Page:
“Down the forest slopes to the left were the swings. They were made of bark stripped from hickory saplings. When they became dry they were dangerous. They usually broke when a child was forty feet in the air, and this was why so many bones had to be mended every year.”

In the Adventures of Huckleberry Finn, Tom Sawyer is advising Huck Finn to get a sheet with which Jim will make a rope ladder in planning his escape. Huck has other ideas:

“Why, Tom Sawyer, how you talk,” I says; “Jim ain’t got no use for a rope ladder.”

“He has got use for it.  How you talk, you better say; you don’t know nothing about it.  He’s got to have a rope ladder; they all do.”

“What in the nation can he do with it?”

Do with it?  He can hide it in his bed, can’t he?”  That’s what they all do; and he’s got to, too.  Huck, you don’t ever seem to want to do anything that’s regular; you want to be starting something fresh all the time. S’pose he don’t do nothing with it? ain’t it there in his bed, for a clew, after he’s gone? and don’t you reckon they’ll want clews?  Of course they will.  And you wouldn’t leave them any?  That would be a pretty howdy-do, wouldn’tit!  I never heard of such a thing.”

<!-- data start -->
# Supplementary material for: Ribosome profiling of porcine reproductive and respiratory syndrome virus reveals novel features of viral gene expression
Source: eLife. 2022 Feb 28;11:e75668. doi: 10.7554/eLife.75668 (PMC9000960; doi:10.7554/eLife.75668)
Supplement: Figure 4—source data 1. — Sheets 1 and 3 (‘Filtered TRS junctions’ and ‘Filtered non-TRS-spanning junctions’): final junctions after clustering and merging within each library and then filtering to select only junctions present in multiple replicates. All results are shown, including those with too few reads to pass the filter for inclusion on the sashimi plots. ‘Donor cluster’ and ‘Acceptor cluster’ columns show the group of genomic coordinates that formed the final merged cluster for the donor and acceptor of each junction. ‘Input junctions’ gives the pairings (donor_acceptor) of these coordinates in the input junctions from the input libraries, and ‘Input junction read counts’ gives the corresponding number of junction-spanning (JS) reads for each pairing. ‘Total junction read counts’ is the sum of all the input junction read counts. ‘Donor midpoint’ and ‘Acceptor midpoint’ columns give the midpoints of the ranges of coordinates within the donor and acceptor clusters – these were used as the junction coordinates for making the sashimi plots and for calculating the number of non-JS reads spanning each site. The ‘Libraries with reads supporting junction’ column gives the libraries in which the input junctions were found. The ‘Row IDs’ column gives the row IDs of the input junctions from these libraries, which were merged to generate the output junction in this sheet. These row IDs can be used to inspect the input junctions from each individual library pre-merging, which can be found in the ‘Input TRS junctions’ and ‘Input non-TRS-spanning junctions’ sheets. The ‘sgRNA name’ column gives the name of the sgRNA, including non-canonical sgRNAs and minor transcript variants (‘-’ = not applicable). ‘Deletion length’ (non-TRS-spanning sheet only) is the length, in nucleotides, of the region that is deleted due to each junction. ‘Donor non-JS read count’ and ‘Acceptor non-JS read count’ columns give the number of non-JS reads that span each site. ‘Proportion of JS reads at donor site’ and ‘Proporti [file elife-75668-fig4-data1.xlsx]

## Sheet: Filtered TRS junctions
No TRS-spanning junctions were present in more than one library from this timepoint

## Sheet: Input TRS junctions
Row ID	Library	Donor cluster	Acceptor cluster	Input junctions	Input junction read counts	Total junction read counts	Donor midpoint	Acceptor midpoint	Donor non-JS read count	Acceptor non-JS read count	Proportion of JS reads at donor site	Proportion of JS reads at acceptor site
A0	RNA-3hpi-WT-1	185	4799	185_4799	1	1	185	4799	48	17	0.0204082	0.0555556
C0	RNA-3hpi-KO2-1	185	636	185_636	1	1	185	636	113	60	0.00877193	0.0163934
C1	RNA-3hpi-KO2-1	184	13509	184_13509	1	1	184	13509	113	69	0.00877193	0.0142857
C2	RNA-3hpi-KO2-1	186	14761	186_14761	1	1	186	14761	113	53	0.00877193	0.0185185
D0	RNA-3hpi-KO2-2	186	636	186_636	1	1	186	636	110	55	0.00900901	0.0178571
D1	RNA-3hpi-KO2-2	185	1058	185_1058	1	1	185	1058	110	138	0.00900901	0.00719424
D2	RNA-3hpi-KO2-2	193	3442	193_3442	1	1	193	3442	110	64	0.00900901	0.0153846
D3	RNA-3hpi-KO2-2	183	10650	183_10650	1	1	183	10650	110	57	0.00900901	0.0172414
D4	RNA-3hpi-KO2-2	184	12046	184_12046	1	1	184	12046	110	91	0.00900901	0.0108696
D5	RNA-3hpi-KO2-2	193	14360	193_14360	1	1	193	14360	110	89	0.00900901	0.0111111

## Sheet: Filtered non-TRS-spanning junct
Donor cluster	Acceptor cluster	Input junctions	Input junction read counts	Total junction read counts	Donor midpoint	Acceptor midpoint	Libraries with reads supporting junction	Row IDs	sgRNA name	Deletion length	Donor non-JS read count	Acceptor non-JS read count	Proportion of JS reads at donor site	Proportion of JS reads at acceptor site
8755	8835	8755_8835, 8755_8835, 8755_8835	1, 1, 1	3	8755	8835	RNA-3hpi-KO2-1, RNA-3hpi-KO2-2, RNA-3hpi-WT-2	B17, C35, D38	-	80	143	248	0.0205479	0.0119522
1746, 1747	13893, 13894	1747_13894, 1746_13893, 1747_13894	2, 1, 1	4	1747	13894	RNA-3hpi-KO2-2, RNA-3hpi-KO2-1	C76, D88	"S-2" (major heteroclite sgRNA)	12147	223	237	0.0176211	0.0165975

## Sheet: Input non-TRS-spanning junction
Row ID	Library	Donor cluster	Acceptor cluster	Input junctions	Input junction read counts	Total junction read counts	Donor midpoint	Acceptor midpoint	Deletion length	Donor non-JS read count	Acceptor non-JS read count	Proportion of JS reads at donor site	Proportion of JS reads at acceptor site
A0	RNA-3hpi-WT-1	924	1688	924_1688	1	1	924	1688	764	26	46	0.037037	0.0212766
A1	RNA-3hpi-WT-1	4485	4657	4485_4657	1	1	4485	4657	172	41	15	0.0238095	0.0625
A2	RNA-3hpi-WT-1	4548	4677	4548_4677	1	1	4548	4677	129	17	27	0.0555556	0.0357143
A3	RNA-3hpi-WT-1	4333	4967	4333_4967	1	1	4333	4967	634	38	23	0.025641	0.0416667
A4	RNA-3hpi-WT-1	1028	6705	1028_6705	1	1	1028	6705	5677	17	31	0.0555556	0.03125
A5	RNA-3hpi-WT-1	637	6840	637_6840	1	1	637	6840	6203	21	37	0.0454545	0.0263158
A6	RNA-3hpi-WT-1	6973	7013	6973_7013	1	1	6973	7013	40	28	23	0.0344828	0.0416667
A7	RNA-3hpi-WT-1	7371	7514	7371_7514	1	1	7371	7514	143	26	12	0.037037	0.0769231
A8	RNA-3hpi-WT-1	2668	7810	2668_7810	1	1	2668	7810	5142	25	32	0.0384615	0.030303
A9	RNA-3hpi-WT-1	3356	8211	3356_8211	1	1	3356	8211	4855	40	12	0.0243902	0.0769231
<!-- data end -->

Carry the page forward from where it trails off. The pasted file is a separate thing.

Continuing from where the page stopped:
“Well,” I says, “if it’s in the regulations, and he’s got to have it, all right, let him have it; because I don’t wish to go back on no regulations; but there’s one thing, Tom Sawyer—if we go to tearing up our sheets to make Jim a rope ladder, we’re going to get into trouble with Aunt Sally, just as sure as you’re born.  Now, the way I look at it, a hickry-bark ladder don’t cost nothing, and don’t waste nothing, and is just as good to load up a pie with, and hide in a straw tick, as any rag ladder you can start; and as for Jim, he ain’t had no experience, and so he don’t care what kind of a—”

“Oh, shucks, Huck Finn, if I was as ignorant as you I’d keep still—that’s what I’d do.  Who ever heard of a state prisoner escaping by a hickry-bark ladder?  Why, it’s perfectly ridiculous.”

————-

It’s November here now, no time for harvesting any bark. But come spring, I’m going to keep my eyes out for a good hickory sapling. My stash is getting low.

stash